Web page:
Friday 5 June 2020 1:08pm
A post-graduate course on refugee and migrant health being run by the University of Otago, Wellington is offering primary health care professionals the opportunity to improve their training in the area, ahead of a likely increase in the number of refugees coming to the country.
The Government has announced an increase in the refugee quota from 1,000 to 1,500 from July this year, although the programme is on hold until borders reopen. The increase in numbers comes with the announcement of new refugee resettlement areas in Ashburton, Whanganui, Timaru, Blenheim, Masterton and Levin.
Course convenor, Serena Moran, says the paper offers nurses, doctors, pharmacists, physiotherapists, paramedics and others the chance to increase their skills in cross cultural care, and could be particularly useful for those who have previously had little contact with refugees.
The inter-professional distance education paper is run by the University every second year.
Ms Moran says the course is primarily focused on caring for people from refugee backgrounds and looks beyond the specifics of health screening and mental health assessments.
“We look at the broader concepts of health, so we also look at people’s journeys and how they came to be refugees because that impacts on their health and well-being. And when they get to New Zealand, some of those factors around health determinants like housing, poverty, or employment – all those things impact on health too, so we also look at those.”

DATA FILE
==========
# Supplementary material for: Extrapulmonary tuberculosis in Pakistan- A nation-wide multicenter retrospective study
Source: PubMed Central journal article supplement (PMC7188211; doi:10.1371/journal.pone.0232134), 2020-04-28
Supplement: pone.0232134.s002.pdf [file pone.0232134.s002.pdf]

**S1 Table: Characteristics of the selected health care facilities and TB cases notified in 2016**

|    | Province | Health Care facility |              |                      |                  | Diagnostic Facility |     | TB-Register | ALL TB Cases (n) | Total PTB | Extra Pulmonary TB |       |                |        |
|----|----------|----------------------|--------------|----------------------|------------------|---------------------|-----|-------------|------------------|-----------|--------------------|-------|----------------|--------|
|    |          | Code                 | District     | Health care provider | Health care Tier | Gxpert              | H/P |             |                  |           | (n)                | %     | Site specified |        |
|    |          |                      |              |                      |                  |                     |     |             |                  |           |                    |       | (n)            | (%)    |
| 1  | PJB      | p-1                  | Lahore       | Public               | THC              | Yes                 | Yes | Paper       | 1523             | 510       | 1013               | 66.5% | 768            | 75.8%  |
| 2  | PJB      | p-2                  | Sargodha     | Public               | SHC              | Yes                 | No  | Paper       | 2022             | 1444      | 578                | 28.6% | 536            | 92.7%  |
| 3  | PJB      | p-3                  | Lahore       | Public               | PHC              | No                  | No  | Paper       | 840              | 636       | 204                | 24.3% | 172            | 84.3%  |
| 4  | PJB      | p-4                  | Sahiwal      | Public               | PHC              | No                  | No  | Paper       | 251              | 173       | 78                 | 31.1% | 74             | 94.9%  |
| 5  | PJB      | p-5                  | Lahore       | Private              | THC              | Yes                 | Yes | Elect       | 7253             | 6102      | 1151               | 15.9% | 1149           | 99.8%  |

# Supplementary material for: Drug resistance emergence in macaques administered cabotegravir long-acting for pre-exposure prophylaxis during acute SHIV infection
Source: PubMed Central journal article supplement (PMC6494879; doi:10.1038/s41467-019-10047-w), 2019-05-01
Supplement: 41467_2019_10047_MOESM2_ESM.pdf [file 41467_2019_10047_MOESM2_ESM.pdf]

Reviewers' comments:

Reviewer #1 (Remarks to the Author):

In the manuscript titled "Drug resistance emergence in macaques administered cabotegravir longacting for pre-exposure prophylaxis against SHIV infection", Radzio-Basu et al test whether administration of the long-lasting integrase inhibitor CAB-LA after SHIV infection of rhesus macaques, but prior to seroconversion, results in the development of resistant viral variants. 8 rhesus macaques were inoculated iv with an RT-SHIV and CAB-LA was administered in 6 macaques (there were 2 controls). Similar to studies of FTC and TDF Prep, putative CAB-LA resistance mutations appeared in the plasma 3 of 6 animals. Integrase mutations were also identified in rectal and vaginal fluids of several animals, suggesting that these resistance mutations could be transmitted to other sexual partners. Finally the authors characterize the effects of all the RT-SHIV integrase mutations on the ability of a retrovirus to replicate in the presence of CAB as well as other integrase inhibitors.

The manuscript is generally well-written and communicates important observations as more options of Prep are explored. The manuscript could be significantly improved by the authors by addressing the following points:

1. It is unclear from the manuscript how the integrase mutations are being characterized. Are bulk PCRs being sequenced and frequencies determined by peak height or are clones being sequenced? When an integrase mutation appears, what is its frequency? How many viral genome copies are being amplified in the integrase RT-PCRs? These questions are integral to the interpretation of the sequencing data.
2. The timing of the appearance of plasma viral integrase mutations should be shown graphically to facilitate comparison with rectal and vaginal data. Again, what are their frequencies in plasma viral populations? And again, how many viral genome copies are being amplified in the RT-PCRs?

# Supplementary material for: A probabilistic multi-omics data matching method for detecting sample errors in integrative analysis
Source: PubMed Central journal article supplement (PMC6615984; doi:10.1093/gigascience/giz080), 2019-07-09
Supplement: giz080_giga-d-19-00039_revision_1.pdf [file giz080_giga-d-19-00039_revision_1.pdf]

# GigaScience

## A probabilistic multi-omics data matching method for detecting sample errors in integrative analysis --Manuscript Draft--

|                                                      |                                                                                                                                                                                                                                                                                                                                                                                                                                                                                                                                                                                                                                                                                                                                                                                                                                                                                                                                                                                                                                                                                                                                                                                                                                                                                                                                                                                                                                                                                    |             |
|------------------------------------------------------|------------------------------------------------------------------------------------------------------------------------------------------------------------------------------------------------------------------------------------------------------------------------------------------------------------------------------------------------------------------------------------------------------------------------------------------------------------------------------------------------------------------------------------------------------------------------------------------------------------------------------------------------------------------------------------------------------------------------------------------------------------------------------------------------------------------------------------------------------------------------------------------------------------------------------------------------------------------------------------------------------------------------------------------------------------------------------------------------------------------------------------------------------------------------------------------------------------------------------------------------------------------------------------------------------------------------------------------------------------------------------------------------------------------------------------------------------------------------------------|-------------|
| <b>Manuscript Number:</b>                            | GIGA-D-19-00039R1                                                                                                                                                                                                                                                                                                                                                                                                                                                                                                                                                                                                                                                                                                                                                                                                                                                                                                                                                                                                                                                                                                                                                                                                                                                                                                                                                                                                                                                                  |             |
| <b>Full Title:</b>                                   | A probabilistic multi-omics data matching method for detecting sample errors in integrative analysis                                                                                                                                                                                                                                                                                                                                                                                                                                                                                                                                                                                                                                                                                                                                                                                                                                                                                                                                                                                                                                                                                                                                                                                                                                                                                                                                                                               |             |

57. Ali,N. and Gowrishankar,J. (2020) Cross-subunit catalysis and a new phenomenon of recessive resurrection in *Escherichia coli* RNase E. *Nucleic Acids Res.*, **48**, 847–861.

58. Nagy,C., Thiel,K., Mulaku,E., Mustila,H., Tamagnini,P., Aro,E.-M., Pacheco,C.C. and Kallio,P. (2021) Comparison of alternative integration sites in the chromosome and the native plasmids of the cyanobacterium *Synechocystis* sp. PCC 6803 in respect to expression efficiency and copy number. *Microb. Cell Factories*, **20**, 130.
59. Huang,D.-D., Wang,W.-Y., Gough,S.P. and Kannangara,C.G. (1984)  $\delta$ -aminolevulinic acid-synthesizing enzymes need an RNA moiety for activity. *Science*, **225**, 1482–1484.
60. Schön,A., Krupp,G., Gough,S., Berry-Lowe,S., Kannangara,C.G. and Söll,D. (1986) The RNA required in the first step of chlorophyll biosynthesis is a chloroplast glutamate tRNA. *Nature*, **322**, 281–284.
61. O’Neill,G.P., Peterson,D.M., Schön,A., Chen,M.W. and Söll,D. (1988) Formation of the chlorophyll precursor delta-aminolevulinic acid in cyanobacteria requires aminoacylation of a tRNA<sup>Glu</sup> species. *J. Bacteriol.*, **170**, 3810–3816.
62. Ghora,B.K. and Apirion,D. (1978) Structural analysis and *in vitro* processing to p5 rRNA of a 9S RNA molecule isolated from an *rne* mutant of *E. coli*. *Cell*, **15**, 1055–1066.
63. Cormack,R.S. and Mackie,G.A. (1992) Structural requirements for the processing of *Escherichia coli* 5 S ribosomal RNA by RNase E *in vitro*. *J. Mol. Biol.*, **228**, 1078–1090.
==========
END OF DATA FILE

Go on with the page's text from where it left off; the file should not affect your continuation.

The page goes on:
Ms Moran says the rise in the refugee quota will also see the number of refugees able to join their family through the family reunification category increase from 300 to 600 people.
“Those family members, when they come to New Zealand, some of them come with residency, but they are not deemed to be refugees. They may have been living in a refugee camp for many years, but when they come to New Zealand, they don’t get any of the resettlement support that quota refugees get. They just come to their families, and they are expected to look after them and sponsor them – and so sometimes they can fall through the gaps in terms of health screening and resettlement support.
“You might get someone who comes into your clinic who isn’t a quota refugee but has just arrived and hasn’t been screened on arrival for tuberculosis or other infectious diseases.”
Ms Moran says those who complete the course will come out with greater knowledge of refugee backgrounds and the health issues refugees and their families face, as well as learning what comprehensive health screening looks like for this group.
Students will also gain greater insights into how to provide cross-cultural care in the health sector.
“The cross cultural care component can be used in clinical work and consultation with all patients because we all come from different backgrounds, health beliefs and cultures.”
Ms Moran hopes the course will give primary health care practitioners a greater awareness of how important it can be to ask questions of patients.
“Unless you ask those questions you may never know that actually this person was in a refugee camp before they came to New Zealand – or that they might have had some experiences of being in a place where there was conflict, or a lack of access to healthcare services, which might be impacting on them now.”
The course starts on 6 July, with enrolments open now.
For more information, contact:
Department of Primary Health Care and General Practice
University of Otago, Wellington